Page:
July 20, 2016
Volume 17 Issue 52
GF-6 Start May be Delayed to Aug. 2018
With testing for existing engine oil specifications becoming tenuous, the API Auto Oil Advisory Panel expressed concern recently that introduction of the GF-6 passenger car motor oil category, already behind schedule, could be further delayed.
The AOAP met June 30 and reviewed new delays in the development of several engine tests that are part of GF-6, the next PCMO category being developed. The panel’s discussion, which took place during the semi-annual meeting of the ASTM D02 Committee on Petroleum Products, Liquid Fuels and Lubricants, revealed growing concern that first licensing of GF-6 could be delayed to August 2018, from the current target date of April 1 of that year.
Delays with tests that are part of GF-6 could hurt the industry’s ability to respond to problems looming over several tests that are part of GF-5 and other PCMO specs that are still active. Parts used in the Sequence IIIG oxidation test and Sequence VID fuel economy test will probably be used up before the fourth quarter of 2016, and parts for the Sequence VG deposit test will last only until the end of this year. The Sequence IVA valve train wear test is the only engine test in GF-5 that has enough parts to last through the remainder of GF-5’s expected category lifetime.
The American Petroleum Institute has already invoked provisional licensing for GF-5 and API SN, SM, SL and SJ after the industry ran out of bearings used in the Sequence VIII test for bearing corrosion and shear stability. Provisional licensing allows lubricant marketers to apply for permission to claim that their products meet industry specifications without passing all of the requirements of those specs.
GF-6 is bogged down over technical demonstration on several new engine tests. The only engine test currently ready is the Chrysler Oxidation and Deposit Test, which has been accepted and will become the new Sequence IIIH.
The Sequence IVB wear test, now sponsored by Toyota, must complete a test matrix to verify its precision. Procedures for the Sequence IVB were revised after results on prove-out tests showed precision to be unsatisfactory. The test matrix is now tentatively scheduled to start on Aug. 5, 2016.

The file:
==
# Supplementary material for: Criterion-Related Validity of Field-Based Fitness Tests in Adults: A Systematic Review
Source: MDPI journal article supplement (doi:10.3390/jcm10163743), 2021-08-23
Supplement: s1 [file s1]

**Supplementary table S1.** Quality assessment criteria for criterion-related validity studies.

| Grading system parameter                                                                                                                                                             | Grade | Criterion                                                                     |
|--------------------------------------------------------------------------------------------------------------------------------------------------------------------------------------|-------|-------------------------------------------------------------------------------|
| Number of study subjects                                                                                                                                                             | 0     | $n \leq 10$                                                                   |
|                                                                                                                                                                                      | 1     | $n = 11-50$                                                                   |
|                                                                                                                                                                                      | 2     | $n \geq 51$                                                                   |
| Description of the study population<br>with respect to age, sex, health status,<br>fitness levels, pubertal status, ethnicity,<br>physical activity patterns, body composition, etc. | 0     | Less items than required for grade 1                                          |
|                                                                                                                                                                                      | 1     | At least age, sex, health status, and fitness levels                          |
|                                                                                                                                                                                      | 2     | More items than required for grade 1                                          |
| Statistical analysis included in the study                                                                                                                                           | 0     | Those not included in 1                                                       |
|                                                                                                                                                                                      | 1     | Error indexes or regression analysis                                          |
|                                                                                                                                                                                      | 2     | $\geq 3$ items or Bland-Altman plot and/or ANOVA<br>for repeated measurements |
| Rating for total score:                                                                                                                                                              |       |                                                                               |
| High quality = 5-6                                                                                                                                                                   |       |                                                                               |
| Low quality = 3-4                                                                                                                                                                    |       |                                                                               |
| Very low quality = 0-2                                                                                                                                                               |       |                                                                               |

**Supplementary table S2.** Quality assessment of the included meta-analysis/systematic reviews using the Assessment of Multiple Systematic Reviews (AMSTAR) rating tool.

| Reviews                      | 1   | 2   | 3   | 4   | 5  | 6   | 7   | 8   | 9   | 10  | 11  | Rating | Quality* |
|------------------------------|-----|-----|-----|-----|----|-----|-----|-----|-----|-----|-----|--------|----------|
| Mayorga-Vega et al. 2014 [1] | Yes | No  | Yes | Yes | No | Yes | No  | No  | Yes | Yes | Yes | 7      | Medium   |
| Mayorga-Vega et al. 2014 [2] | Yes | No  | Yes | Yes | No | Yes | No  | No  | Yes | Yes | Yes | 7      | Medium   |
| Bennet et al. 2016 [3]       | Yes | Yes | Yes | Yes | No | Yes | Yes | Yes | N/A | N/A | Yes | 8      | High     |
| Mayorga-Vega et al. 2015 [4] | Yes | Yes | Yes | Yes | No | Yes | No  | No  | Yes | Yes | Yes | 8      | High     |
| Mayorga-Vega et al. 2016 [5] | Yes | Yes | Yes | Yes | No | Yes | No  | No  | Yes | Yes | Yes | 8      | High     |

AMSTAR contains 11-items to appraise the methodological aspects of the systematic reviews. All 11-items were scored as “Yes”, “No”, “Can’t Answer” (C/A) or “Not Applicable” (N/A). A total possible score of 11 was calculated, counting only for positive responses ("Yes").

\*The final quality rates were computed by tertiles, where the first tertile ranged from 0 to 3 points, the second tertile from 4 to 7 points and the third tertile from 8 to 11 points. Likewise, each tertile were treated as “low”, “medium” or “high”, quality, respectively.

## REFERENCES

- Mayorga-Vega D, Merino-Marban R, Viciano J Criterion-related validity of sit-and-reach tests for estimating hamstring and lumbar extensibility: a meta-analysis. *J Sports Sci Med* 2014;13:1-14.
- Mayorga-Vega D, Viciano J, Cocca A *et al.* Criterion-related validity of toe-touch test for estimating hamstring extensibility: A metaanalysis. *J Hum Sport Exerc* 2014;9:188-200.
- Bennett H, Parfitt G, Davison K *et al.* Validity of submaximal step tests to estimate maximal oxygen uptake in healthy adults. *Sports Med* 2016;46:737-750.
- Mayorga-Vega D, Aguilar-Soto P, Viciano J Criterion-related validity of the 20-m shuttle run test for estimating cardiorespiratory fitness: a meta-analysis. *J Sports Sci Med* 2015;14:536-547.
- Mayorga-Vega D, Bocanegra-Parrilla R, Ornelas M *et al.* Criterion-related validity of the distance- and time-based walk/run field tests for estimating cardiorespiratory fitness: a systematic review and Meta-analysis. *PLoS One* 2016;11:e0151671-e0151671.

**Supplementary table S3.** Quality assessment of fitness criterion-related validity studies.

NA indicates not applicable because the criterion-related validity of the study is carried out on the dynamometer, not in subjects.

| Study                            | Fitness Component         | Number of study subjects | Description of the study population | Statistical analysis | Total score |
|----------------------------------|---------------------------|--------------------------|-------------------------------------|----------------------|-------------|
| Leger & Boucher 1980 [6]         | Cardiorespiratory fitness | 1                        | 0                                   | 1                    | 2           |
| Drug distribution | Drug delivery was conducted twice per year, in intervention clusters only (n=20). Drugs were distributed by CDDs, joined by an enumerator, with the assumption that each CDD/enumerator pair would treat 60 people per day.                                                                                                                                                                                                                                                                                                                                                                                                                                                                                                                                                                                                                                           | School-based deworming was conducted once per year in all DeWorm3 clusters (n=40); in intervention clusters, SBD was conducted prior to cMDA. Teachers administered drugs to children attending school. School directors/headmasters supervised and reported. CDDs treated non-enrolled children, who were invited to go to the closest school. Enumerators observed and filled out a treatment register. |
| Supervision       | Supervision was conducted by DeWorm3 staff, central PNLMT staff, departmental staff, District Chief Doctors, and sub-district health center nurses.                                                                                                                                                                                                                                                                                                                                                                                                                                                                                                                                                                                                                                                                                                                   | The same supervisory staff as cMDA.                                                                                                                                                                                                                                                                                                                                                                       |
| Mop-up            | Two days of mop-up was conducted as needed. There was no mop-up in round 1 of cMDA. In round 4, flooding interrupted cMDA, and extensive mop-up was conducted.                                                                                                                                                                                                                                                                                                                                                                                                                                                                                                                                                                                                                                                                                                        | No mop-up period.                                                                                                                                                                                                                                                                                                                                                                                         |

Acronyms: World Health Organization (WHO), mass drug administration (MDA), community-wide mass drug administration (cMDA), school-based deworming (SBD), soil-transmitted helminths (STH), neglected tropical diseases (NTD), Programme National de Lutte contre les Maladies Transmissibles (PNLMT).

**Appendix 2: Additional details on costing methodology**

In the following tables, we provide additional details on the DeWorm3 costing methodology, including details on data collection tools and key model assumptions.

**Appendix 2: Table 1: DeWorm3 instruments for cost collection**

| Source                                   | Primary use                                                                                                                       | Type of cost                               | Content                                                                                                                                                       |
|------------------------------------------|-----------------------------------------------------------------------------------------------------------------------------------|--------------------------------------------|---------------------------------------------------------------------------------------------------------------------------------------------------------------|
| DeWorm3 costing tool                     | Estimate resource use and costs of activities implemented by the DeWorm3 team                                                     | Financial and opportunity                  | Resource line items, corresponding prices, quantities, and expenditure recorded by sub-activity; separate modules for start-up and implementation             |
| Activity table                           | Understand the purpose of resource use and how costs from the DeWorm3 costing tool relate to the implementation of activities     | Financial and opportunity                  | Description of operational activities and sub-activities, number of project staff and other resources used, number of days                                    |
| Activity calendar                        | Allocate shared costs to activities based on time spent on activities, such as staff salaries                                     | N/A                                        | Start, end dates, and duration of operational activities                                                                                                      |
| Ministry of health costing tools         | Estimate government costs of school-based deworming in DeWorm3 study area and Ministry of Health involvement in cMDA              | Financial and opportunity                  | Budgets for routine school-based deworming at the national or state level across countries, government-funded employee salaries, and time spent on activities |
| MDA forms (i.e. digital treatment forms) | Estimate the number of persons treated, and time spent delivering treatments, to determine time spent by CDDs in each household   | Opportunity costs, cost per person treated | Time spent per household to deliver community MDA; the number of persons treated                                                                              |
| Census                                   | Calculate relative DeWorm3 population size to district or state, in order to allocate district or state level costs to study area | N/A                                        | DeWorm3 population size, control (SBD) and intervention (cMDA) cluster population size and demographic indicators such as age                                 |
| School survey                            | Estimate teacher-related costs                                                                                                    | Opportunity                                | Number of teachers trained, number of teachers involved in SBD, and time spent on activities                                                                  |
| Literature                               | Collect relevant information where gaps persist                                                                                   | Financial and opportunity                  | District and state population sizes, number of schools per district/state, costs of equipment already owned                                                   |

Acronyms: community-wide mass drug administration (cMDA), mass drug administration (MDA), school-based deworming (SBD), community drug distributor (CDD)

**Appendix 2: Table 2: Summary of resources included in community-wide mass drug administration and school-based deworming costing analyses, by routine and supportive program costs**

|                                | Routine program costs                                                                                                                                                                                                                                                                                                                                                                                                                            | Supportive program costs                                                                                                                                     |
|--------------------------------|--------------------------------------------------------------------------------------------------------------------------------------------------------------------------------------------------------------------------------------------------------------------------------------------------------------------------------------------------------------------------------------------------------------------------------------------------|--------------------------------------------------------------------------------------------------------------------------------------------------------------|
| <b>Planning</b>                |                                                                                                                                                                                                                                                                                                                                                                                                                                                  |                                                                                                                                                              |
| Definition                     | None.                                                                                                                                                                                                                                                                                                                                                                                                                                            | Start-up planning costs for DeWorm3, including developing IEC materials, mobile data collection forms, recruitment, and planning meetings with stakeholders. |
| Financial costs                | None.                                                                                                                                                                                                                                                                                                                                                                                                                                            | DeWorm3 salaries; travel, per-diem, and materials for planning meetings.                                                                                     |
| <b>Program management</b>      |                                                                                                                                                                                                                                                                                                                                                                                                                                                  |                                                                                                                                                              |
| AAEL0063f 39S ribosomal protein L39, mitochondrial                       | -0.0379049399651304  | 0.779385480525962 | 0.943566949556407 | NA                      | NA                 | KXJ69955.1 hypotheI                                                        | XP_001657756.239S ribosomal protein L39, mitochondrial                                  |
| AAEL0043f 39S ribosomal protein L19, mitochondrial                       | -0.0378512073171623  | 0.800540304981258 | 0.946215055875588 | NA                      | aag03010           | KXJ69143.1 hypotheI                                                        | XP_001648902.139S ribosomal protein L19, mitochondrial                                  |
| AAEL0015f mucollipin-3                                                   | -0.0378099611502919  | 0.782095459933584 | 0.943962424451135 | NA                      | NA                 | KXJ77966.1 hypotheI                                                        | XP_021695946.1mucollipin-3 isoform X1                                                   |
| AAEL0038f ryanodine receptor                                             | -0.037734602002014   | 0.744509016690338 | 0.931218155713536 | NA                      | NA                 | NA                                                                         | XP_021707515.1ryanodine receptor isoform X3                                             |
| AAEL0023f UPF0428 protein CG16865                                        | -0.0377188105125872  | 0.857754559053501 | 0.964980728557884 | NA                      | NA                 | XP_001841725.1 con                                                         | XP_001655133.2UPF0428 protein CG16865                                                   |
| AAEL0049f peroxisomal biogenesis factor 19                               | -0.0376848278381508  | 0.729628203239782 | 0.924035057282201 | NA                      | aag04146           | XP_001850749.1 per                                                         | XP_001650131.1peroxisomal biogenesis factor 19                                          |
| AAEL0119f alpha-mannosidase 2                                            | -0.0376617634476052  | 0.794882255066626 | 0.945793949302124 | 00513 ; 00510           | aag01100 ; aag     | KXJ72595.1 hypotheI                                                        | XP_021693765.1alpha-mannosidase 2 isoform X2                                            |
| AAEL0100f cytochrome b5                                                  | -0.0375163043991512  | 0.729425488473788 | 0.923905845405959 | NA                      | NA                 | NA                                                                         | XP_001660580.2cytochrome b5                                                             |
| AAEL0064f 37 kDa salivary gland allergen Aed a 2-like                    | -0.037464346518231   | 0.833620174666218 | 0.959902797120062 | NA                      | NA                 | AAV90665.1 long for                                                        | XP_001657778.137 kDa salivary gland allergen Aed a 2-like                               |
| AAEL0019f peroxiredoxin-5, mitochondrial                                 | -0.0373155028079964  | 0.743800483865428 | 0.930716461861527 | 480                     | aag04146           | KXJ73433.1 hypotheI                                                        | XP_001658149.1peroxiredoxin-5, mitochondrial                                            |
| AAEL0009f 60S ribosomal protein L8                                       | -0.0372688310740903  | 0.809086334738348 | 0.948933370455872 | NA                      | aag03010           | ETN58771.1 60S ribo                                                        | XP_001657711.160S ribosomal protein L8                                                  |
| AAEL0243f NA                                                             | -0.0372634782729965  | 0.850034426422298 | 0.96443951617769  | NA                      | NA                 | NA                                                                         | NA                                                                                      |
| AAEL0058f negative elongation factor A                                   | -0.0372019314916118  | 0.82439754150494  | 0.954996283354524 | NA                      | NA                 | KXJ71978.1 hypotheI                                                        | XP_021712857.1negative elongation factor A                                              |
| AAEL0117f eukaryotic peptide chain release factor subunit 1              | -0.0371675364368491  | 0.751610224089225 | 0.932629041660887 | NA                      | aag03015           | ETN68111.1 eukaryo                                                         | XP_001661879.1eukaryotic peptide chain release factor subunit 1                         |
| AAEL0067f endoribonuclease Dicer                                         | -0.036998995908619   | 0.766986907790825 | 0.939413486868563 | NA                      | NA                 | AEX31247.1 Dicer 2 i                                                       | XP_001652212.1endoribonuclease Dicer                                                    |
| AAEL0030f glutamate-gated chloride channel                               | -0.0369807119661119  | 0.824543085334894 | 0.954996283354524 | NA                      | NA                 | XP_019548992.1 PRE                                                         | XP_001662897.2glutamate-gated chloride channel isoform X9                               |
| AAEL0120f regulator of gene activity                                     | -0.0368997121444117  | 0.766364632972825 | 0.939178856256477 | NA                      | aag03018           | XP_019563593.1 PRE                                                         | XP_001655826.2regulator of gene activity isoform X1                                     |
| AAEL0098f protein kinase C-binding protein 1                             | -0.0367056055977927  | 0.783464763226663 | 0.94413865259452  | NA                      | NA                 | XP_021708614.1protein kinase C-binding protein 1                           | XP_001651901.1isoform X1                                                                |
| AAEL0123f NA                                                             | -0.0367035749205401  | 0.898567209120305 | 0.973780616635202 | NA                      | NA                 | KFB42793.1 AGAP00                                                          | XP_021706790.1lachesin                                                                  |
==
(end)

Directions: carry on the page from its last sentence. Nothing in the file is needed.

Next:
A matrix for the Sequence VIE was completed, and an industry statisticians group is now conducting a final statistical analysis of results, which will be reviewed by the ASTM Sequence VI Surveillance Panel in late July. A matrix for the Sequence VIF matrix was also completed, and the statistical data for it will be reviewed by the surveillance panel at the same meeting.
The Sequence VH has been readopted as a replacement to the Sequence VG as a requirement for GF-5 and GF-6. This decision to replace stemmed from unsatisfactory results for the VG-A test. Developers of the VH improved results by employing new parts rather than reconfigured ones and by changing operational settings from the VG-A. Contract laboratories have now started test runs for the VH.
In light of the work that remains to be done, it appears that the final acceptance of all GF-6 engine test procedures will not occur until September 2016 – five months later than the previous projection of April 2016.
According to API protocols, the technical demonstration of engine test procedures should last nine months. At the six-month mark, developers can begin a final approval process, which normally takes six months. After approval, protocols require a 12-month waiting period to allow marketers to qualify products for meeting the specification. Only then can licensing begin. Following these timelines would lead to a first licensing date of Aug. 1, 2018 for GF-6, assuming tests are finalized by September.
There is still uncertainty about whether that will be accomplished. The lack of a finished test matrix on the Sequence VH and IVB could push things back even further.
Timelines for these periods have been compressed at times in the past. AOAP has not discussed doing so in this case and won’t until all of the tests are done and data analyzed. However, the large number of new tests with little background makes timelines more difficult to compress.